Norway reaches 50,000 electric cars sales

Tesla Model S outside Nikel on Russia's Kola Peninsula.

Electric car number 50,000 was recently registered in Norway, two years ahead of planned schedule.


With generous incentives that include zero sales tax, free parking and charging and the right to drive in bus lanes, Norway has managed to reach the target of having 50,000 electric cars on the roads two years early.

Only in March, nearly 25 percent of all cars sold in Norway were electric. In addition, hybrid cars have nearly 10 percent of the market, Dinside reports.

The number of new electric cars led the Norwegian car market to hit a record low CO₂ emission, with only 93 g/km averaged by new vehicles registered. In comparison, the average CO₂ emission by new cars in Europe in 2014 was 127 g/km.

For Norway, a country with a population of a little over five million, reaching a total of 50,000 electric cars on its roads is a significant achievement. But all the incentives to make people buy electric cars have also cost the Norwegian government a significant amount of money. According to Norway’s Minister of Finance Siv Jensen, the country is losing NOK 3-4 billion (€355 million-€474 million) in lost tax revenue per year, NRK reported.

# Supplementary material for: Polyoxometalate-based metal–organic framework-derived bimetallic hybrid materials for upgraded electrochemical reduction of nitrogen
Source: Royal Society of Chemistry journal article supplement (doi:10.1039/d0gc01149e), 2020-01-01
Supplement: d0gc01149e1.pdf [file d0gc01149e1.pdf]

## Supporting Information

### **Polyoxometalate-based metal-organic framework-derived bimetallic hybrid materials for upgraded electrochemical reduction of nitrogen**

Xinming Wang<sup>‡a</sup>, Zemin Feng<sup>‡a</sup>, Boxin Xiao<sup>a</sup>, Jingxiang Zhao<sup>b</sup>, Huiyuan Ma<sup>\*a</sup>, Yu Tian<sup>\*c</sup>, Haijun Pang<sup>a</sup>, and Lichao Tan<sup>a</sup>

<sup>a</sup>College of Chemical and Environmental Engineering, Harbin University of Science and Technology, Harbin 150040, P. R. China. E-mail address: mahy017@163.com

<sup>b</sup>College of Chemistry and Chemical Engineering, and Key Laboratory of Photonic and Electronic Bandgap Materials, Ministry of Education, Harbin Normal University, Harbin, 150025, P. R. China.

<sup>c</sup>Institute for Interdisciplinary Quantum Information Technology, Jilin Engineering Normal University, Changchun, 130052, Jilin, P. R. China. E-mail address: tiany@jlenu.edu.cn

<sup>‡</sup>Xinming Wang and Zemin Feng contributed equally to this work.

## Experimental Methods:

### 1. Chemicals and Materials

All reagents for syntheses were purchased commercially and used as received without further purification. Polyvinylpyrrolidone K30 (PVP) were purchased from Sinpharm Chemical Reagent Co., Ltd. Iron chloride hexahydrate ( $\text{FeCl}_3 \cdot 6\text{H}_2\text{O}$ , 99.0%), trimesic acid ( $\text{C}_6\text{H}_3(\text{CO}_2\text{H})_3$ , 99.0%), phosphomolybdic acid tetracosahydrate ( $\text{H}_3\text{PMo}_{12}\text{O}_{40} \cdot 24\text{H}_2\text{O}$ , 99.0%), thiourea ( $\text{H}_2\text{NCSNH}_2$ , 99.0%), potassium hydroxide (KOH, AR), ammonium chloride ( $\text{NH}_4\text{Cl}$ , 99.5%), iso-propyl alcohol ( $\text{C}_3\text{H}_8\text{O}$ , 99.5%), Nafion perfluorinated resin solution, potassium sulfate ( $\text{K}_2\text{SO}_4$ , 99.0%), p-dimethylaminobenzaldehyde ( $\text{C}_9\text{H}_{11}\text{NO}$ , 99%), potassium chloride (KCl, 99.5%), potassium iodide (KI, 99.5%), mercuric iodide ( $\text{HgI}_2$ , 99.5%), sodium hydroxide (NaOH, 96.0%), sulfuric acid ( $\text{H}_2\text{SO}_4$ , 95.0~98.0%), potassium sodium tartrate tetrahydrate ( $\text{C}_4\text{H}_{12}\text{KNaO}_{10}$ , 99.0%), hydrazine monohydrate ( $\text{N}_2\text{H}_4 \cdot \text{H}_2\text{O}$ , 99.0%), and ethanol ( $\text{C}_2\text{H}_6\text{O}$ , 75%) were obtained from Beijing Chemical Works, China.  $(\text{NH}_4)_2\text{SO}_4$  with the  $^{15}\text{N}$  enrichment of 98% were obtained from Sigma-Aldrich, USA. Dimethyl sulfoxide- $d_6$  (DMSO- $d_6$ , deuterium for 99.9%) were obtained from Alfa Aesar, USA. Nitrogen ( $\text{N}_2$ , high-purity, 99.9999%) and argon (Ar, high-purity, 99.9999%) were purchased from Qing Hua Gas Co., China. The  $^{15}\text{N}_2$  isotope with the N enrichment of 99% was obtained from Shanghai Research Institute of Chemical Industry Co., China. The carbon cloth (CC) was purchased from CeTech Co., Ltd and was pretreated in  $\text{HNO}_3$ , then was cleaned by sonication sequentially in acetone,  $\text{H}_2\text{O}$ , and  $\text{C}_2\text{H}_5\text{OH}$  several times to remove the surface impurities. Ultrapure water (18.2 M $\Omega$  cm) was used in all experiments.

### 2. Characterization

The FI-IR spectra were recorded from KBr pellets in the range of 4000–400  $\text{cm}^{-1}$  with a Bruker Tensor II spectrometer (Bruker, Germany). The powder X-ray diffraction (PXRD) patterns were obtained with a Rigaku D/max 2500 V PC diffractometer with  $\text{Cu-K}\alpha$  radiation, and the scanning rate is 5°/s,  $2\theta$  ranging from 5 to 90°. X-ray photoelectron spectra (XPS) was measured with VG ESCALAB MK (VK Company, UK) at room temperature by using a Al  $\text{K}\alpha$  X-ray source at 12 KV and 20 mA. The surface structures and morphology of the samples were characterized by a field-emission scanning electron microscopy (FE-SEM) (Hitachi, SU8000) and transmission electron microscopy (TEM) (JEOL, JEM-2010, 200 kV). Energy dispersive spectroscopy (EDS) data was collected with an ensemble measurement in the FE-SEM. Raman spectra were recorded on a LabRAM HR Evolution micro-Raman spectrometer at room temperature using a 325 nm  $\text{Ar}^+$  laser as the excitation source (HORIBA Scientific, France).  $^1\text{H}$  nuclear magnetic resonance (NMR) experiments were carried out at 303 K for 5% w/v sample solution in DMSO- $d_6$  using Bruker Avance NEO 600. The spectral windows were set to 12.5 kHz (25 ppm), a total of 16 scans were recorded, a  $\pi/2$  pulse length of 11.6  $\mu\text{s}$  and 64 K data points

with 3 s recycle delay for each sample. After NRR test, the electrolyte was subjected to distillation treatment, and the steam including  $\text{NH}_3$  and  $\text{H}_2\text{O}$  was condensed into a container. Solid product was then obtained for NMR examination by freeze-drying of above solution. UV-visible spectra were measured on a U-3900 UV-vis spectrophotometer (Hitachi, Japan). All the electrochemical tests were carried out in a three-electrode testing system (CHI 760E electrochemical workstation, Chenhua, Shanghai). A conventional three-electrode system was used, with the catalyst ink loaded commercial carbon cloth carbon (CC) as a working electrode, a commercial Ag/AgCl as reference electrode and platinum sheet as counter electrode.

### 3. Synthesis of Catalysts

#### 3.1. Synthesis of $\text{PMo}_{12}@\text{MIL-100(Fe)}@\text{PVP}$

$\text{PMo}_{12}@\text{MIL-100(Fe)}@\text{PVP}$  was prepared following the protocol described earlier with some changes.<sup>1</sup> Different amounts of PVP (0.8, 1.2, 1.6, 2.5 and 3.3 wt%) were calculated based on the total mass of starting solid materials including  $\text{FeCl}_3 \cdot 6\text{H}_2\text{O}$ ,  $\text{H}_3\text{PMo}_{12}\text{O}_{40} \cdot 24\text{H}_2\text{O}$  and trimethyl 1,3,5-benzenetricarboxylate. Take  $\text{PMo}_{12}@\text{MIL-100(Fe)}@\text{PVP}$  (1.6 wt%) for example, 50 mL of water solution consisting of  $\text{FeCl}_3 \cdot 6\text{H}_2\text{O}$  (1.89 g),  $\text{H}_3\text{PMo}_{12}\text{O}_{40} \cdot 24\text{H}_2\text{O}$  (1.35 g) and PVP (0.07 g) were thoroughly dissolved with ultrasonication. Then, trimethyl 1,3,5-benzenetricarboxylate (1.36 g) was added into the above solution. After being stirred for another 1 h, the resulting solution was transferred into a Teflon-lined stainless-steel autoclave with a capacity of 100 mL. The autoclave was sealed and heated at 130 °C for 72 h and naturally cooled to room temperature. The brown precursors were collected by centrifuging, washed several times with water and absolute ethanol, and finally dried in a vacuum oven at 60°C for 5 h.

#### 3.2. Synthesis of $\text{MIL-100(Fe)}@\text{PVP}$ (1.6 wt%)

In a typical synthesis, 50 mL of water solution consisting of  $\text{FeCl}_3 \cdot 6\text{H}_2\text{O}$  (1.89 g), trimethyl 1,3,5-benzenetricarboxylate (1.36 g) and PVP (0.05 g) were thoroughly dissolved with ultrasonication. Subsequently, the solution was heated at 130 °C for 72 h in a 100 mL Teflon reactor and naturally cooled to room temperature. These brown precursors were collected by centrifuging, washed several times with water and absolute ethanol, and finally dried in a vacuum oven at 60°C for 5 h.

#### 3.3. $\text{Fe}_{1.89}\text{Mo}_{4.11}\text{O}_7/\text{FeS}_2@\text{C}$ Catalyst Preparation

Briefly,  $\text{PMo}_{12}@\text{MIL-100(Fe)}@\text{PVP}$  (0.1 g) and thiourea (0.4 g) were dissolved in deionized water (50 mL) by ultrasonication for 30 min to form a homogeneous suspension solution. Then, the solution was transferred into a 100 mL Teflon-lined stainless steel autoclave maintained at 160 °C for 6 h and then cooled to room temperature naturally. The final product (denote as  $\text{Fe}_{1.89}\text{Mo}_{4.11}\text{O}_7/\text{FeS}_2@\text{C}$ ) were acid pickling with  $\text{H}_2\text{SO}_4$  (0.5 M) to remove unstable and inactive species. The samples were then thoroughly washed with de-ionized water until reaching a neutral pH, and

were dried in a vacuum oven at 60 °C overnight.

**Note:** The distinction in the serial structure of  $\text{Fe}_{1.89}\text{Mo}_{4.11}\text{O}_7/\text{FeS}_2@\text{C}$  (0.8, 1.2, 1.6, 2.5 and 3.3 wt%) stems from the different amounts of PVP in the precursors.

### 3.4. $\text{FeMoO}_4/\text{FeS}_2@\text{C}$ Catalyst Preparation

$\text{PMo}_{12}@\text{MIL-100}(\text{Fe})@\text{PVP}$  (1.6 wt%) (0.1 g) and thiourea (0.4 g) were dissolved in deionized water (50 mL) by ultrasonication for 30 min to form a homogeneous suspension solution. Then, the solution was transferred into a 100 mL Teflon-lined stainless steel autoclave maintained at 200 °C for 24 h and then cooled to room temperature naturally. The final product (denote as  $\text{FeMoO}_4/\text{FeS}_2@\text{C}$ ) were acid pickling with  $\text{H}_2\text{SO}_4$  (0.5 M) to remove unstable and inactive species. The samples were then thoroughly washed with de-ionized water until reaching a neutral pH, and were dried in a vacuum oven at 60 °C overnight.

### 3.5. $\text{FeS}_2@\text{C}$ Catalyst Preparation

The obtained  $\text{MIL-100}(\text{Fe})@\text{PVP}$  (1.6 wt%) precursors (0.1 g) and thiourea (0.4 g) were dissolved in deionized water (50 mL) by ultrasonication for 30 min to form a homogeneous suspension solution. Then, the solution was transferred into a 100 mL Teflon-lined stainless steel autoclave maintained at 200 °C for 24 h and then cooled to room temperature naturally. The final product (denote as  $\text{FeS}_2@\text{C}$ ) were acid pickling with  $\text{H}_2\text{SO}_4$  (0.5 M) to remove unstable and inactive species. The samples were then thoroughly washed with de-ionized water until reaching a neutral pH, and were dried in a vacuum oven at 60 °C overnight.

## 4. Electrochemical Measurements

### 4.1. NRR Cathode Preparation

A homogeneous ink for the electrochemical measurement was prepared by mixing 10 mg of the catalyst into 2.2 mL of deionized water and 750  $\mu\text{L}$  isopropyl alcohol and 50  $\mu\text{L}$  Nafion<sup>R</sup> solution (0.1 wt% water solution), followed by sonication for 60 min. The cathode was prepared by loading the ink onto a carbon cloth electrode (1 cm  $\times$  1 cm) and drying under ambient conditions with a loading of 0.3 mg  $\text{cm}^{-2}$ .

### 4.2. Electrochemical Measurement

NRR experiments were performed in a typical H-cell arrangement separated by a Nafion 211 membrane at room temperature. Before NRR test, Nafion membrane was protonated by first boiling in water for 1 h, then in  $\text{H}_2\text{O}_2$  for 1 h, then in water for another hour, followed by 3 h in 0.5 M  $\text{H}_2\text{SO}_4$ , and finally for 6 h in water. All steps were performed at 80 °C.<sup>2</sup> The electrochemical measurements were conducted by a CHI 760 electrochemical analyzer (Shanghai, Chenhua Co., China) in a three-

The Government has announced that it will review all benefits owners of electric cars have before the revised state budget is presented in mid-May. This could mean that all or parts of the incentives could be gone already in 2016, Dagens Næringsliv writes.

How do electric cars work in freezing cold Arctic winter temperatures in the Barents Region? Read this article and see how BarentsObserver together with Frederic Hauge, head of the environmental group Bellona, drove from Kirkenes on top of Norway to Murmansk on Russia’s Kola Peninsula.